Tuesday, 13 May 2014

Habitat 1977

I've always had a soft spot for Habitat, though through my own experience I really I couldn't recommend working there.  Neither it nor I were up to scratch.  Regardless of that, a recent post by Ben Pentreath kind of re-ignited my love and I went and bought an early-ish catalogue on ebay - 1977 - and then another - 1978 - a week later.  Of the two 1978 is much more easy to photograph, the images (I don't mean the designs) just being that bit more interesting.
So what struck me?  Well firstly there is a sort of cheapness to some of the designs that disappoints, there is also the general sense of brown everywhere - all that hessian and cork tile, which doesn't help.  It is also far more mainstream than I imagined.  And there was a comprehensiveness, not wholly Modernist, perhaps Post-Modernist would be a better description.  Looking at images of Terence Conran's holiday cottage illustrated in two books by Mary Gilliat, 'English Style' 1968?, and 'A House in the Country' 1973 we see the clever juxtaposition of eclectic objects - a rejection of hard doctrinaire Modernism.  It would be just -just! - about possible to furnish a traditional looking home from the contents of the catalogue.  Far easier still to decorate a home and make it Art Deco.  In fact some it was more than decidedly traditional, and I'm thinking mainly of the pottery.  The fabrics and wall-coverings too are on the 'conservative' end of the spectrum.  There is still lingering the atmosphere of the late Sixties when taste moved away from Modernism; more than a hint of Victoriana and the ethnic (lovely dhurries and Batik), Art Deco Revival (viz Biba), Celia Birtwell,and Laura Ashley.  Odd the last one but the influence is there.  So perhaps less 'cutting edge' though newer trends are picked up: a hint of 'High Tech' and also, what Peter York dubbed, 'Chic Graphique'.  (Funny that whole shift in popular culture in the Mid-Sixties from the images of Modernity to something softer, romantic, nostalgic.  Funny because in certain artistic circles it had been bubbling away for years - think of the work of Bawden and Barbara Jones and also the photographers Cecil Beaton and Angus McBean, whose work was influenced both by Surrealism and Victoriana and whose houses were crammed full of old things and wit.  That influence flowed into Pop-Art, a British invention, and suddenly erupting in, among other things, the Peacock Revolution of 1966 which was, let's not forget, an upper class phenomena mediated through Pop culture.  That's also why it's lazy to talk about the 'Sixties', or the 'Seventies' etc.  It's more complicated and nuanced. But I digress!)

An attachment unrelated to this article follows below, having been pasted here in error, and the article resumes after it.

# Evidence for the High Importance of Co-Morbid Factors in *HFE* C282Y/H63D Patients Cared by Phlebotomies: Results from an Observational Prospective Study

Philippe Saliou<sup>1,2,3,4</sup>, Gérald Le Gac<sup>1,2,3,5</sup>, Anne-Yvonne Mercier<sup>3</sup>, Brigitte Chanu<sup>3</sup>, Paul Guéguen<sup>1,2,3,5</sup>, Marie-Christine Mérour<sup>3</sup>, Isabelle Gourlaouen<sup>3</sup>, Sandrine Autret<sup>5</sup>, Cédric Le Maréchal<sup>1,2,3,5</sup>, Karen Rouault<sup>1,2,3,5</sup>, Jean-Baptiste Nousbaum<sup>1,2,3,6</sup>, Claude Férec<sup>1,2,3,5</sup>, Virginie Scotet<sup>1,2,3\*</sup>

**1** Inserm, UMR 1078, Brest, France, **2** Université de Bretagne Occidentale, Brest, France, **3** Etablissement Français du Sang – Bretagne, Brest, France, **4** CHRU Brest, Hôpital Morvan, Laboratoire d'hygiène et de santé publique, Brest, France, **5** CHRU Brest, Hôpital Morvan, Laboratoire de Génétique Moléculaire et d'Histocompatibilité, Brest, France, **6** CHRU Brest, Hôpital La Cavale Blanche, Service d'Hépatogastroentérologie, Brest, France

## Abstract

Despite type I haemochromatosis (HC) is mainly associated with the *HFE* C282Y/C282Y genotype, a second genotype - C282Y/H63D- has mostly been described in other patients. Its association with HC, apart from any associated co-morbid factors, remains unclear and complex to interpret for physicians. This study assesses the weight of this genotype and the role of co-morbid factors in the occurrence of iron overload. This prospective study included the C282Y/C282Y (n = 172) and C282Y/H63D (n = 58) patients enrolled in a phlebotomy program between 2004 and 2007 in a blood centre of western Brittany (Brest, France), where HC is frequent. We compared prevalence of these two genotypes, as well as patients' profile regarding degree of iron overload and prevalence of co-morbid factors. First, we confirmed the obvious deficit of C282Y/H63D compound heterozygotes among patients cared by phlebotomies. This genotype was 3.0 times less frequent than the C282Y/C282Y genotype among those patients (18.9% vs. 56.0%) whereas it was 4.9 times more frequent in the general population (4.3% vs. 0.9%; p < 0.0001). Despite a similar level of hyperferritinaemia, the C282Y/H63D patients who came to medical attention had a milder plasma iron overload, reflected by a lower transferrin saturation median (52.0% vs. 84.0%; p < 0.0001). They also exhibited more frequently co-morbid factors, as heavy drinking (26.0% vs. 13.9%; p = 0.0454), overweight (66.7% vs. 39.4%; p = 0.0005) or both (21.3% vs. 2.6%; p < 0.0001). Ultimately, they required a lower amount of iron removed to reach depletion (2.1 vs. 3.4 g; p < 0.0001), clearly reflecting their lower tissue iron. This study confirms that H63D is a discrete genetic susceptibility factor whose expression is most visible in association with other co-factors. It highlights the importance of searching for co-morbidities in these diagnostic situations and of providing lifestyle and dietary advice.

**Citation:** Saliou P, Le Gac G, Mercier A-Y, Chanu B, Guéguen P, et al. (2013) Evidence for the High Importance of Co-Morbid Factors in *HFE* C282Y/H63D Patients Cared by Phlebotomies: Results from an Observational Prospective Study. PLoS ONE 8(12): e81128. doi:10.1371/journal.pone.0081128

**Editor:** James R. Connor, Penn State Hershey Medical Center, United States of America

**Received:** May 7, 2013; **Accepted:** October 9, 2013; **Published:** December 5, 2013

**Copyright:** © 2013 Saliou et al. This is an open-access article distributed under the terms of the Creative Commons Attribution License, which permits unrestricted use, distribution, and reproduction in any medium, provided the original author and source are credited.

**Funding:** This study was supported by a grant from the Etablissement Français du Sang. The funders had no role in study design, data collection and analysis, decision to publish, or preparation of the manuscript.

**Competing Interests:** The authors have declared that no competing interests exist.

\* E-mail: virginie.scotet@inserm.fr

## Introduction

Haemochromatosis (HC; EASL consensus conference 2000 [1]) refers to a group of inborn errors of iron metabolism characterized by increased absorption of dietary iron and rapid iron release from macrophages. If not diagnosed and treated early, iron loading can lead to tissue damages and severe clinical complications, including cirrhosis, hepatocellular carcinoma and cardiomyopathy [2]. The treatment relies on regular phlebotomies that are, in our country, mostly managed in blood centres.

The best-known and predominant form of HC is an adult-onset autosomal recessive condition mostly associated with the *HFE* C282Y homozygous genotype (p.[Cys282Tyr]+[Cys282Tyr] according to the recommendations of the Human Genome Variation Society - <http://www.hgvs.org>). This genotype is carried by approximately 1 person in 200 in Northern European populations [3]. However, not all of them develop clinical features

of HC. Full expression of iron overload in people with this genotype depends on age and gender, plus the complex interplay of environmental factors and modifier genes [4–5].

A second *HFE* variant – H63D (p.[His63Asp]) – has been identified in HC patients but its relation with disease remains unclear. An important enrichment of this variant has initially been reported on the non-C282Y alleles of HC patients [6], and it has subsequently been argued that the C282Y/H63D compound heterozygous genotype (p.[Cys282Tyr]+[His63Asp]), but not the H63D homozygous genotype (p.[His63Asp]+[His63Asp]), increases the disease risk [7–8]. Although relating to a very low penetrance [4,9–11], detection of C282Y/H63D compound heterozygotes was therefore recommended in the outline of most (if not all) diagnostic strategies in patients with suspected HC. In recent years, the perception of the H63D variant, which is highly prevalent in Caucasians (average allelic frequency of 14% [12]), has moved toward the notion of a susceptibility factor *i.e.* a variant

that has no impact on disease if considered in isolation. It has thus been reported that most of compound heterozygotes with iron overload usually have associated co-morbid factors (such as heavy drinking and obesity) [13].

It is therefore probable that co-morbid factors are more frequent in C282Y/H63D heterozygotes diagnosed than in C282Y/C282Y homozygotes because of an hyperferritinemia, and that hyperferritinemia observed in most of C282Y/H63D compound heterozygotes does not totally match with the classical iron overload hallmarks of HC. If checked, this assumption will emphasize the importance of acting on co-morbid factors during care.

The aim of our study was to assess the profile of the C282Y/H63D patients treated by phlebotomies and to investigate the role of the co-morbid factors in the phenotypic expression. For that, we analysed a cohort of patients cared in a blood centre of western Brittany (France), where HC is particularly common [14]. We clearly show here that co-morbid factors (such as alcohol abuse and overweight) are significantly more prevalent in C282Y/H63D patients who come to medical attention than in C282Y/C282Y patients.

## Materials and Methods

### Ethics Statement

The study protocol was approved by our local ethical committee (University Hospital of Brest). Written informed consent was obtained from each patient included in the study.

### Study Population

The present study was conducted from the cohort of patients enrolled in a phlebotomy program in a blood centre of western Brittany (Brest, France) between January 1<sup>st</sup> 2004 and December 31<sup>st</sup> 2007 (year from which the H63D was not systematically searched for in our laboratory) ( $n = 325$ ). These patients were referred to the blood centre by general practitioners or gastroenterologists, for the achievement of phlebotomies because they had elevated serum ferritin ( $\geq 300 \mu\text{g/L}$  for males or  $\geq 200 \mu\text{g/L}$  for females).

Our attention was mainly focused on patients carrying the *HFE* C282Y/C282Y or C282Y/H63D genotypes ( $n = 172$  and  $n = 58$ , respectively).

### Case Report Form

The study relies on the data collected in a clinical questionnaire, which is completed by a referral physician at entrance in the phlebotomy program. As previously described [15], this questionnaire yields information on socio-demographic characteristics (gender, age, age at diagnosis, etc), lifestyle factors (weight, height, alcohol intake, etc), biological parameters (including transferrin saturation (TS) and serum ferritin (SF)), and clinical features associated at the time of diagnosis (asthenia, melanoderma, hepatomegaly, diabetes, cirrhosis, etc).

Front and back covers, the former almost looks back, the latter forward.



Love those rocking chairs.



The pornography of abundance


Love the Magistretti chairs and the dresser


Not much Modernism here



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